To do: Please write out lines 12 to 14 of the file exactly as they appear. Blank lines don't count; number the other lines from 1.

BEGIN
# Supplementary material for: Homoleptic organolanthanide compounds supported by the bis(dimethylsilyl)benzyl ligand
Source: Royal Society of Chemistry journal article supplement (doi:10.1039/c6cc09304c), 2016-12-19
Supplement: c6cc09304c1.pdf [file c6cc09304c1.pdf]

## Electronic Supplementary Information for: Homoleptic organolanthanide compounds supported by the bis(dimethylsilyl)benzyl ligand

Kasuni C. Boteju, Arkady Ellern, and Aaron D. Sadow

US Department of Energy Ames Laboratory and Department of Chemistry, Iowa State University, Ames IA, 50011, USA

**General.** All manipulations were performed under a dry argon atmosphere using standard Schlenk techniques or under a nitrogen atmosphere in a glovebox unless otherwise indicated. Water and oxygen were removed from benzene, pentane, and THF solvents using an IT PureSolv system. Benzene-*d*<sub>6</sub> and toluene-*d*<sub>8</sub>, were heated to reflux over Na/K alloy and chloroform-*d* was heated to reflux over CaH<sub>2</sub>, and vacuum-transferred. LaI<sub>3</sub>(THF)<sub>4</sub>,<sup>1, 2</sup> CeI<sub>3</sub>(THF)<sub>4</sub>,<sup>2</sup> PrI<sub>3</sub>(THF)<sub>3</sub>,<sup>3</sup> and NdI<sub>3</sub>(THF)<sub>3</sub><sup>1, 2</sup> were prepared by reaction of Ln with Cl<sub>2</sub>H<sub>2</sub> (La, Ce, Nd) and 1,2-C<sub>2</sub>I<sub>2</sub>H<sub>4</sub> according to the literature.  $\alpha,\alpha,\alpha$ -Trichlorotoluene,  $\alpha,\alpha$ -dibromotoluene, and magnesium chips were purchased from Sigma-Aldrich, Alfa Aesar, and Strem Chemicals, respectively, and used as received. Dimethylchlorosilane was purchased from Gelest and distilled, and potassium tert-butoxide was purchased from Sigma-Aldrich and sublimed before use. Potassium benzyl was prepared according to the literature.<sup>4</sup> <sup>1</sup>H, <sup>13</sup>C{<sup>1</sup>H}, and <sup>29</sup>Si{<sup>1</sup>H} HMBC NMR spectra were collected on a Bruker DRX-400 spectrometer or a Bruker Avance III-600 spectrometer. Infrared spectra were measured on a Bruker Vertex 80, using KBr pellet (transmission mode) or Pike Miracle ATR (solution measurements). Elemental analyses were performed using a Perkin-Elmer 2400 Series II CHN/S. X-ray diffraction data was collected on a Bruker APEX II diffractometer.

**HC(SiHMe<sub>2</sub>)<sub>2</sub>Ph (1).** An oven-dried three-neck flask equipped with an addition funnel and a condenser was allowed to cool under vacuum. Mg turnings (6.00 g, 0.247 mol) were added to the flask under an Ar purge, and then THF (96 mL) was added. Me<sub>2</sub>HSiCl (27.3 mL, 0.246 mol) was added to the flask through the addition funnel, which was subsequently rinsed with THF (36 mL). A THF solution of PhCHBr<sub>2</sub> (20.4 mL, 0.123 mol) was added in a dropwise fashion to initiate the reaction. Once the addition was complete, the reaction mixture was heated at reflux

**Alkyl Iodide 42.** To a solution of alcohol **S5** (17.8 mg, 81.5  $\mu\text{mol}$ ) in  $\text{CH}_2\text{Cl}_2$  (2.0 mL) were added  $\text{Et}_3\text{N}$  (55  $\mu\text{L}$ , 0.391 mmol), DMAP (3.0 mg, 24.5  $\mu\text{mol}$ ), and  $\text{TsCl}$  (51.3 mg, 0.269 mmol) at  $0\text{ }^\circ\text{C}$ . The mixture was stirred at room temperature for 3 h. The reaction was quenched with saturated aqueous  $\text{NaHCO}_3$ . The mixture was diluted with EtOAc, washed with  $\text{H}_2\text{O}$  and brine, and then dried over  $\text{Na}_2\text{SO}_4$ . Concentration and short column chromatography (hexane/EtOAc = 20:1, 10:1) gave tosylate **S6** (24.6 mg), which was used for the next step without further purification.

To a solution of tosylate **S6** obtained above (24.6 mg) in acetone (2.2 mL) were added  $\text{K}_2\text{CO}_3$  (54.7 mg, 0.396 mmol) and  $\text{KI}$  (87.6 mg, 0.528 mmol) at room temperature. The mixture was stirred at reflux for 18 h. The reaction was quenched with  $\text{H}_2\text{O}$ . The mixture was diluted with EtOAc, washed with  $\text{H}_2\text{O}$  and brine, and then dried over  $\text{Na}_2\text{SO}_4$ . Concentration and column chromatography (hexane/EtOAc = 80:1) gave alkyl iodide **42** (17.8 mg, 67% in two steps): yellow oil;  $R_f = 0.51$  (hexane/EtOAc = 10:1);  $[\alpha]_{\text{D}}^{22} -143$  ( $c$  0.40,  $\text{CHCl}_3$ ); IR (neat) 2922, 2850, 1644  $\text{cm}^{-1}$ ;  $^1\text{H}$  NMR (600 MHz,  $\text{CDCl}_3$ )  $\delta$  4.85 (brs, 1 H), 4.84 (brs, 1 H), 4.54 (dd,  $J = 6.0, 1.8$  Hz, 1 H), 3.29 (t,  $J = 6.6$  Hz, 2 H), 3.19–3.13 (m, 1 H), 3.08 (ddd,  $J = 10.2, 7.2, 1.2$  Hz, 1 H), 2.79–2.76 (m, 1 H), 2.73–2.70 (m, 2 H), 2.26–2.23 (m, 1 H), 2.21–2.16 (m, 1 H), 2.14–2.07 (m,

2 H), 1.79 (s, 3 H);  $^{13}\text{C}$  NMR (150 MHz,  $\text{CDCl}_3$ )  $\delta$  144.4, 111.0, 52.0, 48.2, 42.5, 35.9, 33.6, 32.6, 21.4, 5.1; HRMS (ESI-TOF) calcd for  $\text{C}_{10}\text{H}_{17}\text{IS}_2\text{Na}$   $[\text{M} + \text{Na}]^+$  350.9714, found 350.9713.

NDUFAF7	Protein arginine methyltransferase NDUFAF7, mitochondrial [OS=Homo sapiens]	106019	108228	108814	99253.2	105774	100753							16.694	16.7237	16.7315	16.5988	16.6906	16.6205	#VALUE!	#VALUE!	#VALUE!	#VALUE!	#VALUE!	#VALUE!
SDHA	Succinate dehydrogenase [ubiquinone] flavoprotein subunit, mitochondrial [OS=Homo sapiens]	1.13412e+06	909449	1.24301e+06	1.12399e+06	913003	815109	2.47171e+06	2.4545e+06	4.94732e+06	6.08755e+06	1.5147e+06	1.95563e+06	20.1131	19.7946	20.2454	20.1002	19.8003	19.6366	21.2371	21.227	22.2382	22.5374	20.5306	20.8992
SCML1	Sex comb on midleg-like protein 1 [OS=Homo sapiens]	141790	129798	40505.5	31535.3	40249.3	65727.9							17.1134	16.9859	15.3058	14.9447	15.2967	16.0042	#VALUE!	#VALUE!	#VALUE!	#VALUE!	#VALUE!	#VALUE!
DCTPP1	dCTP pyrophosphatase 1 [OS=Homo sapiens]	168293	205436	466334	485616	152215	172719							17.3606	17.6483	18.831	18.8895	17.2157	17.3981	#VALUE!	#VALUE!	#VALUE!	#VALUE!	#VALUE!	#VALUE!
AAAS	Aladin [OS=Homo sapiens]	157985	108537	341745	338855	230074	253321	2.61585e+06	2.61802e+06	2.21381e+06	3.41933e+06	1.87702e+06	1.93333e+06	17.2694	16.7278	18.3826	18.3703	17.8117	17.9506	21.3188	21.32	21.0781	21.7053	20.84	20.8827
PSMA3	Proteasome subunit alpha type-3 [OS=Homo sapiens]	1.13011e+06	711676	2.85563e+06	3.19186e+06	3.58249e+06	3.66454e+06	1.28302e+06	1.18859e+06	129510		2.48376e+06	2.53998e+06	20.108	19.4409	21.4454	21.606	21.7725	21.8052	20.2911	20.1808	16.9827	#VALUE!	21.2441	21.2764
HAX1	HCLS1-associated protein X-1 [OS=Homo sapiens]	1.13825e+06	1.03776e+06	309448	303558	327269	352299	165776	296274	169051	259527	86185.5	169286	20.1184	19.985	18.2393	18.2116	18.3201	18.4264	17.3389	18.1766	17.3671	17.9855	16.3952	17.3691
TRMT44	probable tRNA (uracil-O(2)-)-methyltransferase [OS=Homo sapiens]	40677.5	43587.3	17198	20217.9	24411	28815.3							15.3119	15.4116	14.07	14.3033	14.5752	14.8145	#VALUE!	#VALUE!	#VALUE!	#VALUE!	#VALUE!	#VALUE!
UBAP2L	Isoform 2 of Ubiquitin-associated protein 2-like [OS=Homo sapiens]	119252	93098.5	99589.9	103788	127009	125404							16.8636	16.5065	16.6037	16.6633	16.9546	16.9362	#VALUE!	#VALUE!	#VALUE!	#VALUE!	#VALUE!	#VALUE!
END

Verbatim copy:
NDUFAF7	Protein arginine methyltransferase NDUFAF7, mitochondrial [OS=Homo sapiens]	106019	108228	108814	99253.2	105774	100753							16.694	16.7237	16.7315	16.5988	16.6906	16.6205	#VALUE!	#VALUE!	#VALUE!	#VALUE!	#VALUE!	#VALUE!
SDHA	Succinate dehydrogenase [ubiquinone] flavoprotein subunit, mitochondrial [OS=Homo sapiens]	1.13412e+06	909449	1.24301e+06	1.12399e+06	913003	815109	2.47171e+06	2.4545e+06	4.94732e+06	6.08755e+06	1.5147e+06	1.95563e+06	20.1131	19.7946	20.2454	20.1002	19.8003	19.6366	21.2371	21.227	22.2382	22.5374	20.5306	20.8992
SCML1	Sex comb on midleg-like protein 1 [OS=Homo sapiens]	141790	129798	40505.5	31535.3	40249.3	65727.9							17.1134	16.9859	15.3058	14.9447	15.2967	16.0042	#VALUE!	#VALUE!	#VALUE!	#VALUE!	#VALUE!	#VALUE!